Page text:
The railway track intersects at the Stuart Hwy at a roadhouse / caravan park called Glendambo. We stayed there two nights where we enjoyed both nights at the Glendambo Pub and made friends with an awesome pair of sisters from Melbourne. The pub was built in 1982 to replicate a shearing shed. It’s a timber and stone building with a heap of character and we enjoyed chatting with Freddy the barman.
We were only planning on staying one night but we loved the bar and Joe needed to service the car. Luckily we booked in the extra night as it took Joe five hours just to remove the oil filter. Weilding a hammer, screw driver and crowbar, it was removed after much fustration and practically destroying the old oil filter.
If you’re interested in the history of places here is a little more information on the almost deserted town of Tarcoola
Tarcoola is an old goldmining ghost town. After the goldrush it was a busy railway service town. Since the Central Australia Railway was relocated in 1980, it became a town for trainline maintenance workers and their families with its own school, hospital, church, hotel, police station and community hall. In 1998 most rail maintenance services were moved to Port Augusta and Tarcoola was almost deserted.
Googs Track is a 200km 4WD track that runs along the eastern edge of the Great Victoria Desert in South Australia that covers more than 300 parallel sand dunes before meeting the Transcontinental Railway Line at Malbooma.
We left Ceduna Friday morning and planned to camp 60km down the track at Googs Lake, a salt lake, which is a comfortable half day’s drive. As we pulled into the camping area we thought it looked like a pleasant place to camp along the shores of the dry, flat salt lake. As soon as we stepped out of the car our thoughts changed. The flies were ridiculous. A plague of the highest calibre. Never before have we seen flies of these proportions, even in the middle of summer in the Pilbara. Joe thought it could be tolerable, but less tolerable was the pain he’d receive from me! So we decided to head straight to Mt Finke, another 70km down the track and typically reached on the second day. Needless to say it was a long and arduous drive, arrival was well after dark around 7:30pm. The dunes increased in size and steepness after Googs lake, and they continued for what seemed like an eternity – up down up down continuously for many hours of driving. It was scary driving up the dunes at night with the headlights pointing straight into the air as we passed the crest of the dune wondering where the track was below us. The dune ascents were badly chopped up. We figured many before us had traversed the track with their tyres too hard. Overworking their motors and ruining the track, they forced their way through. We reduced tyre pressures enough to be able to crawl up the dunes so that our car and asses would not have to endure a severe pounding from the blowouts and hump-dee-doos on the track. With low pressure it was easy to idle up the worse dunes, the tyres performed well on the rough terrain.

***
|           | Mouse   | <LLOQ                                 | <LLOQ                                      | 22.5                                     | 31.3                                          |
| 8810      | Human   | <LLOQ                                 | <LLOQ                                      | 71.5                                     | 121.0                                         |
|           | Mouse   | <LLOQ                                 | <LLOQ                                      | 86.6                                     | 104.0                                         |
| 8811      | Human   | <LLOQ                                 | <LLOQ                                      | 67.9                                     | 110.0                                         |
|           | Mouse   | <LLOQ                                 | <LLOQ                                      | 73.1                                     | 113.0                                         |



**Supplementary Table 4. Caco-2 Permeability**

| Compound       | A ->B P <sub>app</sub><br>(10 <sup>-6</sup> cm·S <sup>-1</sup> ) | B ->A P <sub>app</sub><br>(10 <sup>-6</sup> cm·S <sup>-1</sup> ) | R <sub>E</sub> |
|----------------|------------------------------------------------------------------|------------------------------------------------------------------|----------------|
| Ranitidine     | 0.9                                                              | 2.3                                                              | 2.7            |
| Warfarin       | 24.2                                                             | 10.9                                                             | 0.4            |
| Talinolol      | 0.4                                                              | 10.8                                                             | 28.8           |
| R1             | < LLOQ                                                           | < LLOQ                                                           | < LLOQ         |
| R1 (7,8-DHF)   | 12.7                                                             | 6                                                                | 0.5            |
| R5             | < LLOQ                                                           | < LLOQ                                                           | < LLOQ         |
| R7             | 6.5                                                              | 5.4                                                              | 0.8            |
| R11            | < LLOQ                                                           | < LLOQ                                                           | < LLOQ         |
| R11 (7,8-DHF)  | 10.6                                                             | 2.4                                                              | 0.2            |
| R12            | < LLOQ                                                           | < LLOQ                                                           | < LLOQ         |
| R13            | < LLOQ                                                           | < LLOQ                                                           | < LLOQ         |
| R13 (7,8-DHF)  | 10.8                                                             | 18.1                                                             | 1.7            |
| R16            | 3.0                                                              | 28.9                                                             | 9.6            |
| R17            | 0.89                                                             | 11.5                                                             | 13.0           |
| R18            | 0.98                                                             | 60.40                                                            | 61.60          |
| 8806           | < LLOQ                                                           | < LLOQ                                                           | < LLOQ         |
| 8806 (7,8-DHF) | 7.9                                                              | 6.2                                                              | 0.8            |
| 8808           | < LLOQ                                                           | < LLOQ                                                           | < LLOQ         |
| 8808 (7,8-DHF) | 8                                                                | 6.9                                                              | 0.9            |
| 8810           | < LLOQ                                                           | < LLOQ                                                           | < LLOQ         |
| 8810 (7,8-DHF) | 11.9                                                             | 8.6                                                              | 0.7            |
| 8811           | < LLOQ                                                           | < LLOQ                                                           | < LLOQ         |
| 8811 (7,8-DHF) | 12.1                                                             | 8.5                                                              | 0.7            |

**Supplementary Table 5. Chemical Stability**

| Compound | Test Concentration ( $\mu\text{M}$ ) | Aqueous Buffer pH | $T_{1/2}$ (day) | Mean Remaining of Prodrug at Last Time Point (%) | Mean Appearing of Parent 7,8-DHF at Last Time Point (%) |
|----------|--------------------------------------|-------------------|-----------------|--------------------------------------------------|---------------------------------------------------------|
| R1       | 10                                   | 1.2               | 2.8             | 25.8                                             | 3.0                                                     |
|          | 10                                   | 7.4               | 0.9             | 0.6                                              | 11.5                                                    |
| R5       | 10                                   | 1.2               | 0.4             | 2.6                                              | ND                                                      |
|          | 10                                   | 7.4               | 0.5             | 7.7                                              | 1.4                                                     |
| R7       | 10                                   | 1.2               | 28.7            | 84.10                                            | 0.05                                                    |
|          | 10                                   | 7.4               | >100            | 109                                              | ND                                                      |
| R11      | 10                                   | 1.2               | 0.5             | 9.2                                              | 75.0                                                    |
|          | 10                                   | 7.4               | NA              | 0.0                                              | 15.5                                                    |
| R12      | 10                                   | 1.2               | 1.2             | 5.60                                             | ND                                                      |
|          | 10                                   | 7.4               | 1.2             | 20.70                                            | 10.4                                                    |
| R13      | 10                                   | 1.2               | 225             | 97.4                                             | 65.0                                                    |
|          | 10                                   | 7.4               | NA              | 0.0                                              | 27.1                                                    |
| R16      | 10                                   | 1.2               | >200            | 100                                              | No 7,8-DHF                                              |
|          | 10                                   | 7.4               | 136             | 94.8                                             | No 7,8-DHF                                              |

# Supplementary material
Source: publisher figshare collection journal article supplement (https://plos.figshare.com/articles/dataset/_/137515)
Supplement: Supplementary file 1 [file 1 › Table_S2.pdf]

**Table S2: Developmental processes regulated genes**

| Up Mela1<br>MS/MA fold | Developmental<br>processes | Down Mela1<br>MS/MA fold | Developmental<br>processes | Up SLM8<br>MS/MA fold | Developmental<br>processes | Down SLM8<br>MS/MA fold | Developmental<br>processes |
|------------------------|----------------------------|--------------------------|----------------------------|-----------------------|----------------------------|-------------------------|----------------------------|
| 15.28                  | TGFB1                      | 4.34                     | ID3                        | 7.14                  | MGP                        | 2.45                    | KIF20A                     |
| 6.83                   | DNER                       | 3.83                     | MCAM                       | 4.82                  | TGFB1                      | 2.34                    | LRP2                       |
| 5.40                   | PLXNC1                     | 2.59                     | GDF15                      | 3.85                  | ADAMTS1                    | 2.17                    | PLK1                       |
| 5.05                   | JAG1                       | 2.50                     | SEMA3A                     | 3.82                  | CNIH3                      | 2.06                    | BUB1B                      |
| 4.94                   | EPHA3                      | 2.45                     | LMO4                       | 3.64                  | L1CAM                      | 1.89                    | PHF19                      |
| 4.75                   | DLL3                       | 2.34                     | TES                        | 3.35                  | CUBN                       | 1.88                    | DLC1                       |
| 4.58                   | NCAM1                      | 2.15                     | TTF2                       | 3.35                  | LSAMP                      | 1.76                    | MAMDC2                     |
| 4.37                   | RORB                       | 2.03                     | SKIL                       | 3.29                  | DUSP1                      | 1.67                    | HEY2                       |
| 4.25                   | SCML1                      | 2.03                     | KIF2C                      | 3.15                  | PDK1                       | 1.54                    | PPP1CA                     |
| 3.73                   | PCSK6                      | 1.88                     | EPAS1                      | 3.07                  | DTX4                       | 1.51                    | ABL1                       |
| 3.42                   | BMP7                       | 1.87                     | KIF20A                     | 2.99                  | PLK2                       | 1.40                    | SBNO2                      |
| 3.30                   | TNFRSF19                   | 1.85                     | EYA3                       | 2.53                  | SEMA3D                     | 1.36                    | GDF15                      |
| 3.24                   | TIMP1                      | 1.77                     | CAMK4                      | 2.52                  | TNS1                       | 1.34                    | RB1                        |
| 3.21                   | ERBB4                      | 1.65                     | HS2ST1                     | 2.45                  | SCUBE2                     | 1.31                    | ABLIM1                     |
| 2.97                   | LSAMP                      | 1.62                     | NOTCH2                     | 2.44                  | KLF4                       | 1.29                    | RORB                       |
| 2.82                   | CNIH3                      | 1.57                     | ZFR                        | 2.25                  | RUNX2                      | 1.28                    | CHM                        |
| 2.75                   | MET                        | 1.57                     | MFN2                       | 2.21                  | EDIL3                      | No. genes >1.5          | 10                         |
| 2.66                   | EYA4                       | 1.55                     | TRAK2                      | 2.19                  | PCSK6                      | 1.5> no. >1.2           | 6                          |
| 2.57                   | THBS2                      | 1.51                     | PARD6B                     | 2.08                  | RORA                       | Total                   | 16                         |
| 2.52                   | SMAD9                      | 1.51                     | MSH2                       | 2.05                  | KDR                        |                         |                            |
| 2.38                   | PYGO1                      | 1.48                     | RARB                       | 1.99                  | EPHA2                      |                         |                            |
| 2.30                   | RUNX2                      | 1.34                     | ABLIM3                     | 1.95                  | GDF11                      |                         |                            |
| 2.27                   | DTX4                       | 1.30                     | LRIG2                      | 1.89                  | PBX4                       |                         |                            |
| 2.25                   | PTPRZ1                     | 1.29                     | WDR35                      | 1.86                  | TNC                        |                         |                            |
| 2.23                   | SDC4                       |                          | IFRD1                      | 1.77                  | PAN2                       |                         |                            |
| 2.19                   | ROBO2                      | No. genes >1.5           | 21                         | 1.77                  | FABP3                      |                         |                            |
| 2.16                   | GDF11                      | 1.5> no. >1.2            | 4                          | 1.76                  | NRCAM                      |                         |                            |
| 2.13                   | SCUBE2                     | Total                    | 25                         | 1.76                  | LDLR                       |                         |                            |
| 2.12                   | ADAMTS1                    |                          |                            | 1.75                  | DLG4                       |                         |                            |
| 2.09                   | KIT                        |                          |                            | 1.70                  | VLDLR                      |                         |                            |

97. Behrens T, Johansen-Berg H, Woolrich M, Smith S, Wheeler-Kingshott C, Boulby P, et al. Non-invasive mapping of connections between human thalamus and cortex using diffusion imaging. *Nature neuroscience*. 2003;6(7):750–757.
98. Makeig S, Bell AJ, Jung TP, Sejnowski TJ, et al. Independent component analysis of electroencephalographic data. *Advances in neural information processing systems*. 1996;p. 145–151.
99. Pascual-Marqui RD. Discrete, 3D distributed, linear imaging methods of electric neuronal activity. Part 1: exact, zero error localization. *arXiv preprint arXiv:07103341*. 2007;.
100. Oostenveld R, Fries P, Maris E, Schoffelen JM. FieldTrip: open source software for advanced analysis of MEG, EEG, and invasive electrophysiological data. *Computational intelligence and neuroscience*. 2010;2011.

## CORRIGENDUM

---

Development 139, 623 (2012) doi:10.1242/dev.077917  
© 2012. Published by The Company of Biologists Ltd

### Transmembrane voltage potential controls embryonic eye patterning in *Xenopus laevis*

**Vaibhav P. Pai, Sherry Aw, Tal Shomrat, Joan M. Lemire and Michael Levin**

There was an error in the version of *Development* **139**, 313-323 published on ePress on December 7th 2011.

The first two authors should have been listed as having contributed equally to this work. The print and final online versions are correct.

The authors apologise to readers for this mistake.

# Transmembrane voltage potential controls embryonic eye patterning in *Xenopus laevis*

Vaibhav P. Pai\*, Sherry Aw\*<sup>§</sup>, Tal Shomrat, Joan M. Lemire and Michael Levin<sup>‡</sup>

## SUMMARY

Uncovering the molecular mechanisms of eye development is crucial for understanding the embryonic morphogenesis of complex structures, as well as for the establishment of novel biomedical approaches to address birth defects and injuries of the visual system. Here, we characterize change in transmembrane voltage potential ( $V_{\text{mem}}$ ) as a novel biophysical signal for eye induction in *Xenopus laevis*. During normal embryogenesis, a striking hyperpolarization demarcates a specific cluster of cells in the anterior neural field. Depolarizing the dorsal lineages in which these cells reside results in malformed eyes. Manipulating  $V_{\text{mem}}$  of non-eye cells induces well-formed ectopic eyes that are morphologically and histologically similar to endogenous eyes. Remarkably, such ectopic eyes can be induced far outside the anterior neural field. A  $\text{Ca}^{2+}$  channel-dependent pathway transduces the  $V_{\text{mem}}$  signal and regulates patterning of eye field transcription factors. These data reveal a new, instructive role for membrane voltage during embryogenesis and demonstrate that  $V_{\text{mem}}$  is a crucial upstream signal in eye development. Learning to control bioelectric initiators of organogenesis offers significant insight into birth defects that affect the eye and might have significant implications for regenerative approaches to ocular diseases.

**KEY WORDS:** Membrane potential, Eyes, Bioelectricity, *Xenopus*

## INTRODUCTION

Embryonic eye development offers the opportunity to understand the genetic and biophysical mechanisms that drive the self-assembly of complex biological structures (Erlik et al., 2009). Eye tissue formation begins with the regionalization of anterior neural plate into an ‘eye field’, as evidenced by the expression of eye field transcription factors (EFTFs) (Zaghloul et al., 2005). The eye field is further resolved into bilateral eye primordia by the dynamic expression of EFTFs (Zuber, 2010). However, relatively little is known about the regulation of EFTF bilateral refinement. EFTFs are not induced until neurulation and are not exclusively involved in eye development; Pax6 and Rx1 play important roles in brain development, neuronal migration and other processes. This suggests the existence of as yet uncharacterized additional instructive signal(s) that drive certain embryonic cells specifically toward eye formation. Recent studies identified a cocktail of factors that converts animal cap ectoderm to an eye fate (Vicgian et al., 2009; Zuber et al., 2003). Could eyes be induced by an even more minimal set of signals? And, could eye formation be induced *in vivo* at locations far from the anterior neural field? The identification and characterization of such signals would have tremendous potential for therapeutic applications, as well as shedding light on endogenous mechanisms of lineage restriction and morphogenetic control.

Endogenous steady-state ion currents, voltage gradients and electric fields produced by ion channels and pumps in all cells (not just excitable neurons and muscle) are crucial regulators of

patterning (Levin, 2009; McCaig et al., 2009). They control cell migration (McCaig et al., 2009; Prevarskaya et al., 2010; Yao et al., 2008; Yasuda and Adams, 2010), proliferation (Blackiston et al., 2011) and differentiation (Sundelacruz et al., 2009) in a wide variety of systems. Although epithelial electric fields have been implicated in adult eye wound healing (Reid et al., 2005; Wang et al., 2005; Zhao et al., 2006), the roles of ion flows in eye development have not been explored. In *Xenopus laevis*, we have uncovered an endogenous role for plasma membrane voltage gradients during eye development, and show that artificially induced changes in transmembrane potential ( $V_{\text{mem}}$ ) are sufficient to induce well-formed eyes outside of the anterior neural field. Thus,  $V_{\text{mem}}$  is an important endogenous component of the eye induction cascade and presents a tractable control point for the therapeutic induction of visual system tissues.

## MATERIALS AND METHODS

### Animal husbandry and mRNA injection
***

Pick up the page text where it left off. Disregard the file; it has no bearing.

Mt Finke camp area was nice, good clearings amongst some trees at the base of the mountain. The flies were also less, but still severe. We spent two nights here cooking up an impressive loaf of bread in the camp oven on the second night, the best bread ever!
I also climbed Mt Finke’s east peak. When I climbed the Mt Finke I didn’t know it was a twin peak mountain, I noticed at the top that there was what I thought a second higher mountain. It turns out that I just climbed the wrong peak of the same mountain. Having arrived at night the evening before I didn’t see the profile of the higher west peak of Mt Finke and it isn’t visible from the camp area. I’m sure many before me have made the same mistake.
A bit of Googs Track History
Googs Track (’00’ pronounced like book) was cut by Goog Denton a local farmer in 1973, from Lone Oak farm to Tarcoola which has an interesting story behind the creation of the road. In June 1973 Goog Denton with his brother-in-law, wife and three children began the massive task of building the road. The Denton family took two years to complete the track as they only cleared the track on weekends. Sadly his eldest son Martin died in 1993 apparently from a car accident along the Googs Track and Goog Denton passed away in 1996 . There is a memorial for Martin & Goog near the halfway mark along the track.
I think I’ve just climbed the wrong mountain. I just scrambled to the top of what I thought was Mt Finke and look across to see an even bigger mountain with what looks like a message box on a tripod. Damn it! FAIL! This is what happens when I attempt something like this without Joe.
Mt Finke can wait until tomorrow!!! Now for the trek back down “mt finke”.
Update: I climbed the wrong peak of Mt Finke, see here.